In particular, the inter-facility ambulance patients showed a much higher prevalence of MRSA and VRE than that in the ambulatory patients. The adjusted OR for MRSA of the pre-hospital ambulance group (2.24) was comparable with other studies, whereas the adjusted OR for MRSA of the inter-facility ambulance group (5.47) was very high. Patients who were transported from another hospital had a higher exposure to an infection risk of MRSA and VRE. It might be because there was no infection control program in the private ambulance services. Moreover, the patients transported between hospitals are more likely to be elderly and have a chronic disease or be in critical condition, and thus they are vulnerable for such infection. To decrease the spread of MRSA, patients with MRSA transported from another hospital were recommended to be isolated until being sterilized [20].
A higher rate of prevalence of MRSA and VRE does not always suggest that the ambulance is the source of contamination of community infection. However, these findings suggest that ambulance transport can be a potential source for infection for the next patients. To prevent this contagion, we should develop a strict infection control program for ambulance crews and services.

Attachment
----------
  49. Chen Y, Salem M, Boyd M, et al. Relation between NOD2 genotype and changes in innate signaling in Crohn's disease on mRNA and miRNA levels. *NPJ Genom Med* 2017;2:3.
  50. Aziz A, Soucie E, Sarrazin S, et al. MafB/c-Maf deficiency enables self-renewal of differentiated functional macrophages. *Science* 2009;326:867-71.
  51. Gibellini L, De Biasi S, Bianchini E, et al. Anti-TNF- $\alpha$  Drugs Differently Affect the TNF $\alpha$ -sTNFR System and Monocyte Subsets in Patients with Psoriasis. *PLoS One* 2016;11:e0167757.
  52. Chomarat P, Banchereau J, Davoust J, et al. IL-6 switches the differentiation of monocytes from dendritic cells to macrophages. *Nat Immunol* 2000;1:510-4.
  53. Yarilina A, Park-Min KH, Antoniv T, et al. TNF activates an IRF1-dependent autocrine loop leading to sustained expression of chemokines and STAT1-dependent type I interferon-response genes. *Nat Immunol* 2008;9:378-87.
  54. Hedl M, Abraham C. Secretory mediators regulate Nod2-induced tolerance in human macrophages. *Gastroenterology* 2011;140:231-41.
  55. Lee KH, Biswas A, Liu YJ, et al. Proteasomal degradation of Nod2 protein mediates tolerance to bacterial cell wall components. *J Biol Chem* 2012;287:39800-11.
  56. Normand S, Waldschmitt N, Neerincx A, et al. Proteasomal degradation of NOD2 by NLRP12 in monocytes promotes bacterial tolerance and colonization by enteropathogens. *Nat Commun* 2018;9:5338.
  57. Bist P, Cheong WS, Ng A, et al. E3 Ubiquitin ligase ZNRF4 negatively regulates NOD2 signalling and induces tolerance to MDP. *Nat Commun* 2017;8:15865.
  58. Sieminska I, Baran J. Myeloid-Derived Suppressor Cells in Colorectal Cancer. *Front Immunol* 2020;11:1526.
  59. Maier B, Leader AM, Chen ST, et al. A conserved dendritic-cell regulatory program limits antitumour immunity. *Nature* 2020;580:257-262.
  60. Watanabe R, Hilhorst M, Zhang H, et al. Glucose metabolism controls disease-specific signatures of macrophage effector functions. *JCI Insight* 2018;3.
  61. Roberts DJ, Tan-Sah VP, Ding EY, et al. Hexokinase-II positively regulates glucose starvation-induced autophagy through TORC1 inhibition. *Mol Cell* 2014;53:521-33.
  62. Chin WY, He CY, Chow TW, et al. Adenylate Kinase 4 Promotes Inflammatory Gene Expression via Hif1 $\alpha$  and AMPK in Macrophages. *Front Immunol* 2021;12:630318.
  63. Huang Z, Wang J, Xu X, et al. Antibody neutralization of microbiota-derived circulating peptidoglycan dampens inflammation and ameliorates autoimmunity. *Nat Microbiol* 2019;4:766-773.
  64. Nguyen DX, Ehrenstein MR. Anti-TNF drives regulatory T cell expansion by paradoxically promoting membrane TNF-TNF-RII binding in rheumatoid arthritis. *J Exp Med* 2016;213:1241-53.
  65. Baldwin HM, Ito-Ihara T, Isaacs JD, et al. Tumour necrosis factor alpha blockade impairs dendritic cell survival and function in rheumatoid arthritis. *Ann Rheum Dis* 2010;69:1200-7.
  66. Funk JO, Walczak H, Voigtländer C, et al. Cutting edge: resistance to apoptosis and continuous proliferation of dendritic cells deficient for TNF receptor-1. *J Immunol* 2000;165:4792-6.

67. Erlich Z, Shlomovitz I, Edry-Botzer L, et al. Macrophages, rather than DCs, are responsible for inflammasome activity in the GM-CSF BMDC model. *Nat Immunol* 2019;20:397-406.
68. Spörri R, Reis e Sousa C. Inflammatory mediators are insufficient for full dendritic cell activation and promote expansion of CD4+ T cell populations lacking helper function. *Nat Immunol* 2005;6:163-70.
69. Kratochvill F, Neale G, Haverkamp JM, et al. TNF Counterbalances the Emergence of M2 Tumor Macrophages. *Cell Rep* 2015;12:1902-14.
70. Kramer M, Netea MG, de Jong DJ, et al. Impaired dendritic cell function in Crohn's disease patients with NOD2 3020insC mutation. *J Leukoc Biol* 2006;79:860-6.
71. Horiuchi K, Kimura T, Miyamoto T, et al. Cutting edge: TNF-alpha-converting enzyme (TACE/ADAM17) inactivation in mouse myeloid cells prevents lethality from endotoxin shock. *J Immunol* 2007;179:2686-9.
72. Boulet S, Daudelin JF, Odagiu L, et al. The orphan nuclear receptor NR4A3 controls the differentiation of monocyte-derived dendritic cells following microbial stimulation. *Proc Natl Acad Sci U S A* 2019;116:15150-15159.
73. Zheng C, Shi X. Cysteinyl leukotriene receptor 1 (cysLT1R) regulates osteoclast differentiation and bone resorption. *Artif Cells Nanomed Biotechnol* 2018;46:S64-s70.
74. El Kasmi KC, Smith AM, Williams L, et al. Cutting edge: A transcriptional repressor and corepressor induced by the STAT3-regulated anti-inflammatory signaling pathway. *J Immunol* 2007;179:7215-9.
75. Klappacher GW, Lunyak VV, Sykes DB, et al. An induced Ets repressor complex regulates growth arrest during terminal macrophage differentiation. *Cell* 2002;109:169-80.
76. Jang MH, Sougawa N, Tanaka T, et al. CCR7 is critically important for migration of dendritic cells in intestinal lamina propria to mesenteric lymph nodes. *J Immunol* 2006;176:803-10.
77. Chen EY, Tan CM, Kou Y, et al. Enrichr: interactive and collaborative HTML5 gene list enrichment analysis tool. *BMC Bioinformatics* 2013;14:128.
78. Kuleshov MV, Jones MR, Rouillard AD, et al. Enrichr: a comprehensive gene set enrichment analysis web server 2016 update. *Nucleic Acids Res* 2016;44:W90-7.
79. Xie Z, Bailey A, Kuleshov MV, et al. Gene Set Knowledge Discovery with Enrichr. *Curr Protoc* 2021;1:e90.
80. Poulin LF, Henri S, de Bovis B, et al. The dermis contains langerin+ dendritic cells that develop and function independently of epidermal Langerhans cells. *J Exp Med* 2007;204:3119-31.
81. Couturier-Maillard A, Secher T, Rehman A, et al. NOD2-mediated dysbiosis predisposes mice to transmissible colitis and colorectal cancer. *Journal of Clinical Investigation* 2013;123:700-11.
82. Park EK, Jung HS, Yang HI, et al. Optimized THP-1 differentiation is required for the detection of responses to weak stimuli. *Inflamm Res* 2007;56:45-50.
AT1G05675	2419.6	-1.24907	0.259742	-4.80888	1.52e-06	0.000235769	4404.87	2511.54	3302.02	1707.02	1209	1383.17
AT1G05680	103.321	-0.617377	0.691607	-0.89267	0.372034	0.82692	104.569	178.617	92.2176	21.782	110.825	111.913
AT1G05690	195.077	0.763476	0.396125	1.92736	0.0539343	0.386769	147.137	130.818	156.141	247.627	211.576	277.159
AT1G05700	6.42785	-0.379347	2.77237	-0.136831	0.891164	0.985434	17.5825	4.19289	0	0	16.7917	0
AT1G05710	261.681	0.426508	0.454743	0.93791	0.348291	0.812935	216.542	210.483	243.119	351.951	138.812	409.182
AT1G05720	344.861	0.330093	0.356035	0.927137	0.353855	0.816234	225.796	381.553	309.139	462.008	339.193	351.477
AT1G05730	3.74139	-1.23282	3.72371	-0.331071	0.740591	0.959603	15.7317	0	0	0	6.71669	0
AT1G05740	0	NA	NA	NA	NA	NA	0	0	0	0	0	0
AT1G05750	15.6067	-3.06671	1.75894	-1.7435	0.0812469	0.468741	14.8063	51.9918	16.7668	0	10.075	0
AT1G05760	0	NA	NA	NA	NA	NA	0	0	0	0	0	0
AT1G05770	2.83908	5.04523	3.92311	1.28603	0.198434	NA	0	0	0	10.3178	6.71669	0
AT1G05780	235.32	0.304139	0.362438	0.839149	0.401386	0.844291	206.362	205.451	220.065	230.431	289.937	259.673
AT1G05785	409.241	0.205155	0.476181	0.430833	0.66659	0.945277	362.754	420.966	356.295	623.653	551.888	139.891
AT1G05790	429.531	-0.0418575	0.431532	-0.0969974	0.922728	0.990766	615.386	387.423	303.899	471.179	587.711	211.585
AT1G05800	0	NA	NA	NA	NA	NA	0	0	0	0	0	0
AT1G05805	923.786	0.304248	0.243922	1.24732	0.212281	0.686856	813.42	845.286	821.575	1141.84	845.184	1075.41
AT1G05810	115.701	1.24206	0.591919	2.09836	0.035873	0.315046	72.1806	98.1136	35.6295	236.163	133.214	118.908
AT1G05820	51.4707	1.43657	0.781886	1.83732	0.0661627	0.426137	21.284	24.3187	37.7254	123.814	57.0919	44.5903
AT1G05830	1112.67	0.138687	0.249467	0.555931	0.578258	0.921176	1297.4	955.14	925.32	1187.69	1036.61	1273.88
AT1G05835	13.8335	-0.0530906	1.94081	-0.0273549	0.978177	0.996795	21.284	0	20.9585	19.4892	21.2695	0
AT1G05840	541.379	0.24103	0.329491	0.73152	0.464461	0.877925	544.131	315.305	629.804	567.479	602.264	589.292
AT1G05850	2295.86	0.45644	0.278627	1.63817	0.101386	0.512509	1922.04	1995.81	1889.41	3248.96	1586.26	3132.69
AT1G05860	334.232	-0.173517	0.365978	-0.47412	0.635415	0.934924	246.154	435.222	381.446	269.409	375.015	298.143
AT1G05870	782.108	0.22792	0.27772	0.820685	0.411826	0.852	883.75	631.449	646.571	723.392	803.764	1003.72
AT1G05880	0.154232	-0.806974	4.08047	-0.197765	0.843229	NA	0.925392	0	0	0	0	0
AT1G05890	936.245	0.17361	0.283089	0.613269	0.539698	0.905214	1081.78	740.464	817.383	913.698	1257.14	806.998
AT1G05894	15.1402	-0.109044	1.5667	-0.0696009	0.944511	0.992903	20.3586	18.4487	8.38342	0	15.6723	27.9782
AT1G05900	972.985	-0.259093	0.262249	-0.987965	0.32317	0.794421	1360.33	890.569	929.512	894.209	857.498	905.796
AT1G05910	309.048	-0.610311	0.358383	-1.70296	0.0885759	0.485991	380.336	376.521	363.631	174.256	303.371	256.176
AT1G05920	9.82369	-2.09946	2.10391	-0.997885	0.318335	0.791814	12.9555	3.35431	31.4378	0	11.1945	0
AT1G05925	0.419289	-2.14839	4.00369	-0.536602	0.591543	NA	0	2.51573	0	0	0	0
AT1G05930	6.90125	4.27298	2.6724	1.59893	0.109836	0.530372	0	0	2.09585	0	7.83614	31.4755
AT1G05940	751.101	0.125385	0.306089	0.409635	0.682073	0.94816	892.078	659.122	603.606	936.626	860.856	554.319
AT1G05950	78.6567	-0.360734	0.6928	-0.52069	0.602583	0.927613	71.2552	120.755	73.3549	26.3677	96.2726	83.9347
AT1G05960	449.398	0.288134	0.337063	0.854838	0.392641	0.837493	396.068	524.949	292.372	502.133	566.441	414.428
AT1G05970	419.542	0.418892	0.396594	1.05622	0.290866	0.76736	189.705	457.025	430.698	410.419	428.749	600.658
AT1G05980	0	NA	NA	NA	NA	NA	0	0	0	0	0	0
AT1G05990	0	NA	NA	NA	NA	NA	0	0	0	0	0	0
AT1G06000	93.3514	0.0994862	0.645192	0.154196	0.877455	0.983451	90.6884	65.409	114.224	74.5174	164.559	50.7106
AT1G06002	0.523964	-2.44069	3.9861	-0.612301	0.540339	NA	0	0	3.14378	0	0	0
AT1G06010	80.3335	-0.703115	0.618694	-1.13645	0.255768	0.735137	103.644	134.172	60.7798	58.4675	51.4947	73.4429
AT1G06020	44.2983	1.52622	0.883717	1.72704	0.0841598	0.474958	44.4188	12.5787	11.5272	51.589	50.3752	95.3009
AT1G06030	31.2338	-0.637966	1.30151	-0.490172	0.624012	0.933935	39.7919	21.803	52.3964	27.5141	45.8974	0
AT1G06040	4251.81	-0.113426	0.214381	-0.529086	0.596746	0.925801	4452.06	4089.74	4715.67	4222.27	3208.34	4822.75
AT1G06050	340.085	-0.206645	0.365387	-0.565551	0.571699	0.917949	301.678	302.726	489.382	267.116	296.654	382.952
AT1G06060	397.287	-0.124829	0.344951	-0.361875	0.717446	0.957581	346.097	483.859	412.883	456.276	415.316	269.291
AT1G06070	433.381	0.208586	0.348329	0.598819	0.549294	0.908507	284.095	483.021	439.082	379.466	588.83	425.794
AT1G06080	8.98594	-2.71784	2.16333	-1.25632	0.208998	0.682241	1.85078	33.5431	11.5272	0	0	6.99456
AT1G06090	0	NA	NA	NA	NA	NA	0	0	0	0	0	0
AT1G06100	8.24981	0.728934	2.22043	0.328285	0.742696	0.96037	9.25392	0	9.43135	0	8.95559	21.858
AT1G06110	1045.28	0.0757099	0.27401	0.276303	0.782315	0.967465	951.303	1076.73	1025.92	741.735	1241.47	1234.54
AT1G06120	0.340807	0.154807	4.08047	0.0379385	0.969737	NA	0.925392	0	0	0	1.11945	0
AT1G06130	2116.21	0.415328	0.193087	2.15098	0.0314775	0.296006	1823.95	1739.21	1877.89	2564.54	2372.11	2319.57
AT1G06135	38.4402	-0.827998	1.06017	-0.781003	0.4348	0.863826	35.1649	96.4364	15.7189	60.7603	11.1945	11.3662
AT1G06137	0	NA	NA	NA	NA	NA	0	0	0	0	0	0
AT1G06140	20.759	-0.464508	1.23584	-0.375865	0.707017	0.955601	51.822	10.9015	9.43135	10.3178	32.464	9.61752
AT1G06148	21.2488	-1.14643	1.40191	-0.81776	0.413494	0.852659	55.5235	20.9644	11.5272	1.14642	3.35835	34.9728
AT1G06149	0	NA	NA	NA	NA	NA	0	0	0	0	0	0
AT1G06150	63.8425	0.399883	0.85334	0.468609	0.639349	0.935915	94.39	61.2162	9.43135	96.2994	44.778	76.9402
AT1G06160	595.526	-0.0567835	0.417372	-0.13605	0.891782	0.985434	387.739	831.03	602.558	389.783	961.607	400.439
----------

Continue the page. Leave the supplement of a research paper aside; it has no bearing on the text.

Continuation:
For ambulance infection control, the US Standard on Fire Department Occupational Safety and Health Program was introduced in 1987 [21,22]. To give enough ventilation in an ambulance, a strict ventilation time of 1.5 minutes or a high-efficiency particulate arresting filter was recommended [23]. Many ambulance infection control programs already suggested guidelines for an indepth program for sterilization, decontamination of material and equipment [23]. However, the actual adherence to these guidelines or the effect of these control programs remains unknown. In the setting of the present study, pre-hospital ambulances are operated by the fire department while inter-facility ambulances are operated by private companies or hospitals. According to the emergency medical service agency or ambulance authority, adherence to an infection control program could be variable. We do not know what kinds of screening and surveillance programs would be effective for ambulance infection control for each ambulance configuration.